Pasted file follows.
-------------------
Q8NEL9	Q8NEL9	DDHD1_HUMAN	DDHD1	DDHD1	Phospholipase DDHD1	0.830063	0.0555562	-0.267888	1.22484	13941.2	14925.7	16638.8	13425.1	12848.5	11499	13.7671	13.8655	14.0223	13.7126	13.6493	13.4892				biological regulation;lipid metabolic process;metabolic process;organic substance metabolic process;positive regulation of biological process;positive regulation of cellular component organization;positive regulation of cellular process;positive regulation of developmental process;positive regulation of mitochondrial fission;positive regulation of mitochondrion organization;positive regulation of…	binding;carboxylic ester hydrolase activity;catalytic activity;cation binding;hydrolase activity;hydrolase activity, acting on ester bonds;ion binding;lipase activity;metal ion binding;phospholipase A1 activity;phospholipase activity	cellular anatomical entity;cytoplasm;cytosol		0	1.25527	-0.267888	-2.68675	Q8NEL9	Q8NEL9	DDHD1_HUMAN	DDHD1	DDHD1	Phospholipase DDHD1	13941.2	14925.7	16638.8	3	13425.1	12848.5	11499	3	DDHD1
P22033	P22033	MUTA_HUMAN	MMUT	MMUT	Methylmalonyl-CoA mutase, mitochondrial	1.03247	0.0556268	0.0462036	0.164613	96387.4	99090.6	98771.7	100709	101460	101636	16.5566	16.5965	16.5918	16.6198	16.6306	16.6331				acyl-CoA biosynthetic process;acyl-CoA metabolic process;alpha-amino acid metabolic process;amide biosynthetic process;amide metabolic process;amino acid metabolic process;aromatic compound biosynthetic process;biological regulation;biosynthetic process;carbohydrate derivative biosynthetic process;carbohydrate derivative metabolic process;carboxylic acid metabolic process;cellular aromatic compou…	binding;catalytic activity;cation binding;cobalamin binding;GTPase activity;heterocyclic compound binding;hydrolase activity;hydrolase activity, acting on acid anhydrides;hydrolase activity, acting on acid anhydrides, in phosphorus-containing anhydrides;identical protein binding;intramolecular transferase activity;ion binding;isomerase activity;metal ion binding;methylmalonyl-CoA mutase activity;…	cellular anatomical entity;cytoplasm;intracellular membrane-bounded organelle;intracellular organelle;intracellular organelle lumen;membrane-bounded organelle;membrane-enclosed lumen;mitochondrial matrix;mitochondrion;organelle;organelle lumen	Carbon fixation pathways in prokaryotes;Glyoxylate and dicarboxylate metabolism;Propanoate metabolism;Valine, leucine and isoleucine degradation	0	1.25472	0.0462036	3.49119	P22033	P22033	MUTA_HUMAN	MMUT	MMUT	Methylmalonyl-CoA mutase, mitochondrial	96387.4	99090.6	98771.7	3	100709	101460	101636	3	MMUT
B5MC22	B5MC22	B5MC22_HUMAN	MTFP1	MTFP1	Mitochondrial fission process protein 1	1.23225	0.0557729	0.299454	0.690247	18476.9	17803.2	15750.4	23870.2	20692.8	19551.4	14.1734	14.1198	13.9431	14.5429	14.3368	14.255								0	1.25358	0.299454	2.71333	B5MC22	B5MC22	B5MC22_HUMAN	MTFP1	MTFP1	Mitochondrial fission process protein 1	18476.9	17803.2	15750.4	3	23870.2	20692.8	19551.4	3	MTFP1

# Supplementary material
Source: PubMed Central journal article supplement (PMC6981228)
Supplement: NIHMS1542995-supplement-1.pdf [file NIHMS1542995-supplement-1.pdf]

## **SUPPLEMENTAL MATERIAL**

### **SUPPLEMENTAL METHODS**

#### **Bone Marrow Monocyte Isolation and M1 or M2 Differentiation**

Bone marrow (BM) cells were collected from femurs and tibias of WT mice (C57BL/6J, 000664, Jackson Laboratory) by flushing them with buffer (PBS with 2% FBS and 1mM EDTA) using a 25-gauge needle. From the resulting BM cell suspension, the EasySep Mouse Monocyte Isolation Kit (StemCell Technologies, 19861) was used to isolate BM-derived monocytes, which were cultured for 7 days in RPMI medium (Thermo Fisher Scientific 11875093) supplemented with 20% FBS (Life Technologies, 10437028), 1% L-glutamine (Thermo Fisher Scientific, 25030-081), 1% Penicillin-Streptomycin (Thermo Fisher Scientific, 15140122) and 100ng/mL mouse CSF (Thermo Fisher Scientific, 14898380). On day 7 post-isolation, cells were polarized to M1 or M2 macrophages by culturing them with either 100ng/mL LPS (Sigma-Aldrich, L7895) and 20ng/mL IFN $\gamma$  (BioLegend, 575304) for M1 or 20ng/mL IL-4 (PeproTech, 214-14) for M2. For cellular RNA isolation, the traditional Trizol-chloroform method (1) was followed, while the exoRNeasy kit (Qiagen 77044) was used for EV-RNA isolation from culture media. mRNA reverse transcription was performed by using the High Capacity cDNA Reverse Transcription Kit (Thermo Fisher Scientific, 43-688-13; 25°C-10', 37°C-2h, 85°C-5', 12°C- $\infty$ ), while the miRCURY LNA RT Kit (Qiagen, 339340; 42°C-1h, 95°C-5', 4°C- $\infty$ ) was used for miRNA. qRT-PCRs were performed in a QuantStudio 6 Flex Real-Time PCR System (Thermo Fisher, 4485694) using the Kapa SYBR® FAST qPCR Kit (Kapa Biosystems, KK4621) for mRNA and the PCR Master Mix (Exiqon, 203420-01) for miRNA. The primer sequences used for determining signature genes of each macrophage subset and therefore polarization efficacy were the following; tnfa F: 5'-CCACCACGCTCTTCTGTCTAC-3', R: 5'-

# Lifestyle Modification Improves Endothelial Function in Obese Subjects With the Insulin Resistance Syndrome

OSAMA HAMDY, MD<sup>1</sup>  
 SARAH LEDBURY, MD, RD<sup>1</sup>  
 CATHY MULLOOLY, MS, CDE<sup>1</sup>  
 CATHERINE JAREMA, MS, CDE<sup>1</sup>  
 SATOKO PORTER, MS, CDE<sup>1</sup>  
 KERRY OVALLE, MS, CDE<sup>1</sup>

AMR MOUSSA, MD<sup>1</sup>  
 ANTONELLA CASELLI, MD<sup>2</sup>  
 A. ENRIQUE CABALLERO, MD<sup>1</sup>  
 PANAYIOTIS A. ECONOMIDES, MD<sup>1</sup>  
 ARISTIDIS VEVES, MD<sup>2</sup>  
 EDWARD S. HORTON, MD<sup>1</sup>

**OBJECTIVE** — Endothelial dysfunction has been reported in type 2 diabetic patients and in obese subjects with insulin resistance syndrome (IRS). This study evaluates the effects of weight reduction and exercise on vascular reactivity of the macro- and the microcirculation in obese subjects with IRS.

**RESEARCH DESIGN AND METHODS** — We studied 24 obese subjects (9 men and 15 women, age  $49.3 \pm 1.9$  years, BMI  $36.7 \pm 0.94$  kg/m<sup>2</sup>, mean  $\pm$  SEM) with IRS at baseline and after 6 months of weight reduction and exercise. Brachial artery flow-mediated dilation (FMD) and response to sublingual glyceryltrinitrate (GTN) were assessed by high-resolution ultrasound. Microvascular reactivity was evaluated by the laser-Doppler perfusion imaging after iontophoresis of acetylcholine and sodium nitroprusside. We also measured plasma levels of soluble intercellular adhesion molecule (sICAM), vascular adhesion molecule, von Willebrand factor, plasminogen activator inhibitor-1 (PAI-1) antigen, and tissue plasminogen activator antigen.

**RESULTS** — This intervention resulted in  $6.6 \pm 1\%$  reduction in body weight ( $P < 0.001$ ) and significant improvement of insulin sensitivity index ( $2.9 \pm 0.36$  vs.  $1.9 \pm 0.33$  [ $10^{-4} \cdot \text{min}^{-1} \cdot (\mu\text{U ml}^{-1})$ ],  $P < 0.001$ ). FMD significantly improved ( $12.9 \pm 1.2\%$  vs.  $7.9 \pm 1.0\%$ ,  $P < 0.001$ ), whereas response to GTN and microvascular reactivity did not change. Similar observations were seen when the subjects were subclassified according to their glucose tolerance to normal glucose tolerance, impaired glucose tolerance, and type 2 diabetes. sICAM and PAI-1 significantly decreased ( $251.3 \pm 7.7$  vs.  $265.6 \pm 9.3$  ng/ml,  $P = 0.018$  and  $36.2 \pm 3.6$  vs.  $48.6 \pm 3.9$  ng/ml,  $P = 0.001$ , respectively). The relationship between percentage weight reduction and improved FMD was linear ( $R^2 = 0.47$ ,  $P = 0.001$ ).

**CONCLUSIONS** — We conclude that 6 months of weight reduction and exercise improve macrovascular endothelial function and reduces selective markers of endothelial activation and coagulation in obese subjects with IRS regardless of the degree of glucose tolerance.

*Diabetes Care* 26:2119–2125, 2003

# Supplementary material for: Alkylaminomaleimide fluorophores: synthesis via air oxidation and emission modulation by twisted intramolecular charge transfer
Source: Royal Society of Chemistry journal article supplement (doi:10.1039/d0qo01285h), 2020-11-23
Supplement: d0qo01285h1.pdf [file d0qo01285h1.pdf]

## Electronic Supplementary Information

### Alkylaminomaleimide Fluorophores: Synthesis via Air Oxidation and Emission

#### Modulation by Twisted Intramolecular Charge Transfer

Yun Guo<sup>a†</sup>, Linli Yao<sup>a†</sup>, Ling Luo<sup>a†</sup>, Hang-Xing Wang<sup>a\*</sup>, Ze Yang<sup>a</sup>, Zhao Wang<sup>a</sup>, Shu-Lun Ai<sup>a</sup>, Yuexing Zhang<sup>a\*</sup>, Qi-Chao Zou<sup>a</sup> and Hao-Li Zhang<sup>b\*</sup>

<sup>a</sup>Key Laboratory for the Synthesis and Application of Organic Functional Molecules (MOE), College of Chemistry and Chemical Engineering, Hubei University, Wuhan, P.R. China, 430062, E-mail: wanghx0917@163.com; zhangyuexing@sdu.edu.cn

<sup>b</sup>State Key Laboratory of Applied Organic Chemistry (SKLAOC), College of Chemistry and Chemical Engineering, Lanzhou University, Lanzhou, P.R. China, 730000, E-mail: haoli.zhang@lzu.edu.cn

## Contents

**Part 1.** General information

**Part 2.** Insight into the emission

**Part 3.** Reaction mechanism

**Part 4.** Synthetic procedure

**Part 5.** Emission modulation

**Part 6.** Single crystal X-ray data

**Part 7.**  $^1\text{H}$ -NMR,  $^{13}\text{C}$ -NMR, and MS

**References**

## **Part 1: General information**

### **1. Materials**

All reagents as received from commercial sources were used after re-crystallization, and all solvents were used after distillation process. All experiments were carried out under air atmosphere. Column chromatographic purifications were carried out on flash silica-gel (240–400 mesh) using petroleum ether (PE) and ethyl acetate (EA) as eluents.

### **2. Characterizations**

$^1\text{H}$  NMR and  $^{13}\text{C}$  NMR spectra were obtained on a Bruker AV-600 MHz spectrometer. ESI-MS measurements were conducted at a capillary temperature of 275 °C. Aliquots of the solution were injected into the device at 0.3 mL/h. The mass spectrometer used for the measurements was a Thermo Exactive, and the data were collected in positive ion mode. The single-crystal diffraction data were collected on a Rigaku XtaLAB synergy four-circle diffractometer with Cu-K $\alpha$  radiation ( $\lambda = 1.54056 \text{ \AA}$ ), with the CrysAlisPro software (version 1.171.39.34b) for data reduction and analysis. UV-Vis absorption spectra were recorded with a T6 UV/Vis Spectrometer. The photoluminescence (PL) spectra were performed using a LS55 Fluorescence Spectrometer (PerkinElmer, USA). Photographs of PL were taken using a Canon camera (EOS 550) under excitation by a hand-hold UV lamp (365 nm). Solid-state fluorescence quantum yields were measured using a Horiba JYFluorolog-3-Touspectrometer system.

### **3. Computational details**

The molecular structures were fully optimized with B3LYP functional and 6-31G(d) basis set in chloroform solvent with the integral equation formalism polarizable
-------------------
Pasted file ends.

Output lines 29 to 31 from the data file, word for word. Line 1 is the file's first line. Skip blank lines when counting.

# Supplementary material for: Alkylaminomaleimide fluorophores: synthesis via air oxidation and emission modulation by twisted intramolecular charge transfer
Source: Royal Society of Chemistry journal article supplement (doi:10.1039/d0qo01285h), 2020-11-23
Supplement: d0qo01285h1.pdf [file d0qo01285h1.pdf]